Food Safety Focus (125th Issue, December 2016) – Food Safety Platform
What is One Health?
Dr. Cherrie NG, Veterinary Officer,
Risk Assessment Section,
Centre for Food Safety
The One Health concept was introduced at the beginning of the 2000s. The World Organisation for Animal Health (OIE) has summarised it as an idea that human health and animal health are interdependent and bound to the health of the ecosystem in which they exist. The Food and Agriculture Organization (FAO) of the United Nations, the OIE and the World Health Organization (WHO) recognise that addressing health risks at the human-animal-ecosystems interfaces requires partnerships among players with different perspectives on some issues and different levels of resources. It is the integrative effort of different disciplines working in the community, as a nation and globally to aim for optimal health for humans, animals and the ecosystem. The concept of One Health has been formally endorsed by the FAO-OIE-WHO Tripartite and was presented in the Tripartite Concept Note in April, 2010.
The Interconnection of Human, Animals and Ecosystem
As the human population and their movement across countries continue to increase, the interconnection of human, animals and the ecosystem becomes more significant. The demand for food rises resulting in increase in animal production to provide food. Apart from animals providing food, the human-animal bond, the dynamic relationship between people and animals in that each influences the psychological and physiological state of the other, has also continued to grow. All of the above may contribute to increase in the contact between human and wild animals and their habitat leading to more chances of exposure to new viruses, bacteria and other disease-causing pathogens.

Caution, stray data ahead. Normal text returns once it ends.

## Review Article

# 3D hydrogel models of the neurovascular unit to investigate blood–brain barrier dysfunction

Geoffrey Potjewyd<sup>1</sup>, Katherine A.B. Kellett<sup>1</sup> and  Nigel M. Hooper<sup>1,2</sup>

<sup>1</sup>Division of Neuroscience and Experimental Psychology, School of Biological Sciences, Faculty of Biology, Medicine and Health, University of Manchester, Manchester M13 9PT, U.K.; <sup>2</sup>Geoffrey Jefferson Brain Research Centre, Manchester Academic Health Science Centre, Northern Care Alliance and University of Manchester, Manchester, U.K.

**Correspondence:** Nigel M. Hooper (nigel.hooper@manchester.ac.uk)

Ecosystem health involves the health of the living and non-living components of the land and marine world. With the increase in human population and animal production, the Earth has experienced changes in climate and land use including deforestation and intensive farming practices. Contamination of the ecosystem by personal care products and pharmaceuticals has also been detected. Such changes and contamination may cause environmental degradation, pollution and ecological stress leading to potential negative impact on both human and animal health.
Key Issues Related to One Health
The One Health approach can enhance the collaboration between human, animal and ecosystem health sectors in order to address related issues, including but not limited to disease diagnosis, surveillance and control, combating existing and emerging diseases and zoonoses, antimicrobial resistance, food safety and food security and environmental health and environmental preservation. Some key issues related to food safety (see Fig) are highlighted below:
Zoonoses are diseases and infections that are naturally transmitted between vertebrate animals and humans, examples are rabies, avian influenza H5N1 and SARS. According to the WHO, at least 61% of all human pathogens are zoonotic and have represented 75% of all emerging pathogens during the past decade.
Antimicrobial resistance (AMR) is a growing public health threat of broad concern to countries and multiple sectors. It involves various resistance mechanisms affecting a wide range of bacteria, most of which are capable of causing diseases in humans and animals. AMR, especially multidrug resistance, has resulted in higher costs in health care, failure of treatments and deaths.
As mentioned above, the increase in food demand results in expansion of livestock population and worldwide transport of millions of tonnes of animal and agricultural products. Some food-borne diseases can also be of zoonotic in nature, which are caused by consumption of food contaminated by pathogenic microorganisms. Common food-borne zoonoses are Salmonellosis, Campylobacteriosis and infection by E. coli where if AMR presents, can become severe food-borne infections.
In the next issue, we will further illustrate One Health with more focus on food safety.